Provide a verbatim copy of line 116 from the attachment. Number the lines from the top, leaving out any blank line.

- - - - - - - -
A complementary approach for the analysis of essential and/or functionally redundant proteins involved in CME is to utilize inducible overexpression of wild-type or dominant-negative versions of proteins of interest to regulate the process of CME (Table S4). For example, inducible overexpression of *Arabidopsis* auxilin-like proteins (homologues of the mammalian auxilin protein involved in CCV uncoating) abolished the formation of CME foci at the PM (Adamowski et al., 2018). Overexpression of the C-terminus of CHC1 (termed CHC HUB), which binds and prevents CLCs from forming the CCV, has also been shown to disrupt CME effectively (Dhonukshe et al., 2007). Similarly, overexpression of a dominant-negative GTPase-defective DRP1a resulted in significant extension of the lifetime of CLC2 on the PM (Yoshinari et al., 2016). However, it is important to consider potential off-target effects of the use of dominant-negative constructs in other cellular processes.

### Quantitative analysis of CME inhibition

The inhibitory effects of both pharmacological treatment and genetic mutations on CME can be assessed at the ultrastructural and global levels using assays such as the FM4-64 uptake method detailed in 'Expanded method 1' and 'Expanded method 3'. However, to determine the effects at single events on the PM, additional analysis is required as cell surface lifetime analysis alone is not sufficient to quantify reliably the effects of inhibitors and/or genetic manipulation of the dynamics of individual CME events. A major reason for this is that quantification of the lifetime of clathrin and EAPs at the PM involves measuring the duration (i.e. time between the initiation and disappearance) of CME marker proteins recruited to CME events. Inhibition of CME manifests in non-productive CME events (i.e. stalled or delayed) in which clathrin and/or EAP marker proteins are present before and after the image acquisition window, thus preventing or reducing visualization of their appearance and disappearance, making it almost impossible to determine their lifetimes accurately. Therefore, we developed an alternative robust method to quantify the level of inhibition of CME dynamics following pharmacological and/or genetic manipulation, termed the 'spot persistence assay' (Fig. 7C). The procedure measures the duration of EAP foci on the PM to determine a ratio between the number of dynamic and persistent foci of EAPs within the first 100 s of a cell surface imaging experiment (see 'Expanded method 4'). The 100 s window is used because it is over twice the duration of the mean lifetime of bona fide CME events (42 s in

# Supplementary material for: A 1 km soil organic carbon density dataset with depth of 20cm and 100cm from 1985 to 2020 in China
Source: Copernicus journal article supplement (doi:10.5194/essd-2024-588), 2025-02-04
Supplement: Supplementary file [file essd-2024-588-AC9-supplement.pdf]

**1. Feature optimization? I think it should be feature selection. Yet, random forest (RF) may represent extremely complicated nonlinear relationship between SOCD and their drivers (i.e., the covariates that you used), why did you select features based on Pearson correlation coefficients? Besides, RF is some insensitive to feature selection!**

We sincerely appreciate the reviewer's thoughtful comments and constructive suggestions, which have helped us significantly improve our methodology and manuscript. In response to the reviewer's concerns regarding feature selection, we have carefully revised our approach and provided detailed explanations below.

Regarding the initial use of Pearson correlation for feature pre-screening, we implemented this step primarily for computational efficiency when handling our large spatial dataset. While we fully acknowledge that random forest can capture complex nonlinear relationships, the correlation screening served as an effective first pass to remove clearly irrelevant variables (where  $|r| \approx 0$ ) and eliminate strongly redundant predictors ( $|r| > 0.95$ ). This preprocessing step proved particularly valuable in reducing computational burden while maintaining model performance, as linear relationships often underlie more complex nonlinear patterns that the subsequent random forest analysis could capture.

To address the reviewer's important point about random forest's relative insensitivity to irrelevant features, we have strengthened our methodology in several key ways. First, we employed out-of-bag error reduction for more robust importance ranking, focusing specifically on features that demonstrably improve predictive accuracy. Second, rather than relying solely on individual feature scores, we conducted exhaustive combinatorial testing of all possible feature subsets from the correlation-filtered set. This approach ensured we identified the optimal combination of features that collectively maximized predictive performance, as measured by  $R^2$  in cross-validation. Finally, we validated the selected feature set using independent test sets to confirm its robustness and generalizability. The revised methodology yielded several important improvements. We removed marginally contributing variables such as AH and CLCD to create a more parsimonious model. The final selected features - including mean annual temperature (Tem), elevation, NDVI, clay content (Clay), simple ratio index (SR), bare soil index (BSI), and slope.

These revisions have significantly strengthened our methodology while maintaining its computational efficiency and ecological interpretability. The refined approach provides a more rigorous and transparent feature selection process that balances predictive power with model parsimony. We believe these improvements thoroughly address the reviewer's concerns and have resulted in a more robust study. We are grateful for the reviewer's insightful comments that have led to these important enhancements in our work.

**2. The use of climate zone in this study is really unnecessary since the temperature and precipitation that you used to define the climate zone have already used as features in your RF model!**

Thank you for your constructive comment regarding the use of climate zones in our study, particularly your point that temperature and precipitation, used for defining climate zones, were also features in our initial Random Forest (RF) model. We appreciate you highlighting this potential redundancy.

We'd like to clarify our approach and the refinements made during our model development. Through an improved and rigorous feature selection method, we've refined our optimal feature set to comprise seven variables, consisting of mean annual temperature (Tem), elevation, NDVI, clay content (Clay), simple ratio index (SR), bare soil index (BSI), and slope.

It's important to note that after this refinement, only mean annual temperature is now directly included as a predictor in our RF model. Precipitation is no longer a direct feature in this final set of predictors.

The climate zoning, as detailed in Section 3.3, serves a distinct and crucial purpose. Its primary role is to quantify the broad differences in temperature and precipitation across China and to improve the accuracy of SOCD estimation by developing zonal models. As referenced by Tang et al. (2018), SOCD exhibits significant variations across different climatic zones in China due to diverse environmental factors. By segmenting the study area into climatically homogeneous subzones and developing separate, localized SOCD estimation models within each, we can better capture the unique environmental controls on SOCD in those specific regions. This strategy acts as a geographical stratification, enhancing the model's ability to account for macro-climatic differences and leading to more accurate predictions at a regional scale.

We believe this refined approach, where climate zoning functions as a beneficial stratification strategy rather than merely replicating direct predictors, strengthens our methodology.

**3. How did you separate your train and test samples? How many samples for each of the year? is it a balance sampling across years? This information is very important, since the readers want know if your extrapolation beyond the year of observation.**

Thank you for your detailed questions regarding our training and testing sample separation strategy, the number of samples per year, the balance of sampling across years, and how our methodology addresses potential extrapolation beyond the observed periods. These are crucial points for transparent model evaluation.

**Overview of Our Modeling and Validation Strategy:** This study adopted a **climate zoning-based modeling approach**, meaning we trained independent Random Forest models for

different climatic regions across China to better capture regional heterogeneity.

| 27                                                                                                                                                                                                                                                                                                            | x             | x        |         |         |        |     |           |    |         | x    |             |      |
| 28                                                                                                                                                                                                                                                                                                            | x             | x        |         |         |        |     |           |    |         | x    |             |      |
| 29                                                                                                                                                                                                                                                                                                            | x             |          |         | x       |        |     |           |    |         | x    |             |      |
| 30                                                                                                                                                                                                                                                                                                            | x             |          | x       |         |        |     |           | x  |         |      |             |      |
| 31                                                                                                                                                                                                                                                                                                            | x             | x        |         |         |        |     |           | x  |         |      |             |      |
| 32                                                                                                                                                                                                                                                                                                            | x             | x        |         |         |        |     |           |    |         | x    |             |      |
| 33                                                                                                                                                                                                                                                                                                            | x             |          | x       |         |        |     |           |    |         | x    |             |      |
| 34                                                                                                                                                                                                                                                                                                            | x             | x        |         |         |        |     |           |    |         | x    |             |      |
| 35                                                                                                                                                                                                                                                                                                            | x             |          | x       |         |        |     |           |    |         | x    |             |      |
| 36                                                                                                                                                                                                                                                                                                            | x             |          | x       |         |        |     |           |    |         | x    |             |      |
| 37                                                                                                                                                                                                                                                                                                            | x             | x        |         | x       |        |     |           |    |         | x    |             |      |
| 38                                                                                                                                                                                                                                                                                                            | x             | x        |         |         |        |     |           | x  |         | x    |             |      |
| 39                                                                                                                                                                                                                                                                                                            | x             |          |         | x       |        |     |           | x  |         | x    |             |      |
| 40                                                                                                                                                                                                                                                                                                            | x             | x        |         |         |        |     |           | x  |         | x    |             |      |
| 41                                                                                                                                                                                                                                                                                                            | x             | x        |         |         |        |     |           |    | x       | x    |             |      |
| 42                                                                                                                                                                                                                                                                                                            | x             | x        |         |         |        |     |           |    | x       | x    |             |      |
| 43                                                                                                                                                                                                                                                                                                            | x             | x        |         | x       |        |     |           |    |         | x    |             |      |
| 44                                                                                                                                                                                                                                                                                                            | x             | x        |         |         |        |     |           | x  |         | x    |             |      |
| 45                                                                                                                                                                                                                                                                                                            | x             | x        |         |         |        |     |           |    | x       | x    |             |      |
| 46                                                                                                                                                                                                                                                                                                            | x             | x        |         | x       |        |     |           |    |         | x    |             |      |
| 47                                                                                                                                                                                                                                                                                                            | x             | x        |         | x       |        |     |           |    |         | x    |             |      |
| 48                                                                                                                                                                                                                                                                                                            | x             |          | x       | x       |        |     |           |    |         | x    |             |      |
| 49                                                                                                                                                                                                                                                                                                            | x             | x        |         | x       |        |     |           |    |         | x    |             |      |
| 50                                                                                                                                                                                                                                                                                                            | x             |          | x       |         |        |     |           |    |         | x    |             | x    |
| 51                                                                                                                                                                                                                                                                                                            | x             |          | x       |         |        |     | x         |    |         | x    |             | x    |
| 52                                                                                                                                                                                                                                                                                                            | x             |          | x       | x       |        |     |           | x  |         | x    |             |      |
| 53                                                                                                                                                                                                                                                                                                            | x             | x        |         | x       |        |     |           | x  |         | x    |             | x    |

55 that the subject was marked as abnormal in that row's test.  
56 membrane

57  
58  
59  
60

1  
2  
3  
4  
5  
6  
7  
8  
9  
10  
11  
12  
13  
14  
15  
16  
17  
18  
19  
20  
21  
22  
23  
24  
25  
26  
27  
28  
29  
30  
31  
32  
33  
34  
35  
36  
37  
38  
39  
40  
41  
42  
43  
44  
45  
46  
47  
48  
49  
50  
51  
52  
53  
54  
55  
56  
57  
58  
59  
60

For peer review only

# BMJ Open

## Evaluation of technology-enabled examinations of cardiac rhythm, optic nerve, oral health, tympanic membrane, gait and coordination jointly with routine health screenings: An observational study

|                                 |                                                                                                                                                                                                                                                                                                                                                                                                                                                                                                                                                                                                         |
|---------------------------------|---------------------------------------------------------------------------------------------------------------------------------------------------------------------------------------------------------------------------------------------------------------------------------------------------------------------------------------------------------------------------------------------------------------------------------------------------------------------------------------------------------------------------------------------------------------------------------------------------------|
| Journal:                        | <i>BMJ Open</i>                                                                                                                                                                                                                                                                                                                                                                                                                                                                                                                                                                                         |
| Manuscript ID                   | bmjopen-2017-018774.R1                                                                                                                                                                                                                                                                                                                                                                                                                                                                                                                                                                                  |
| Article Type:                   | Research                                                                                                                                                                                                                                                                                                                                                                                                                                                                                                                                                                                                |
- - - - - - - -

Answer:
# BMJ Open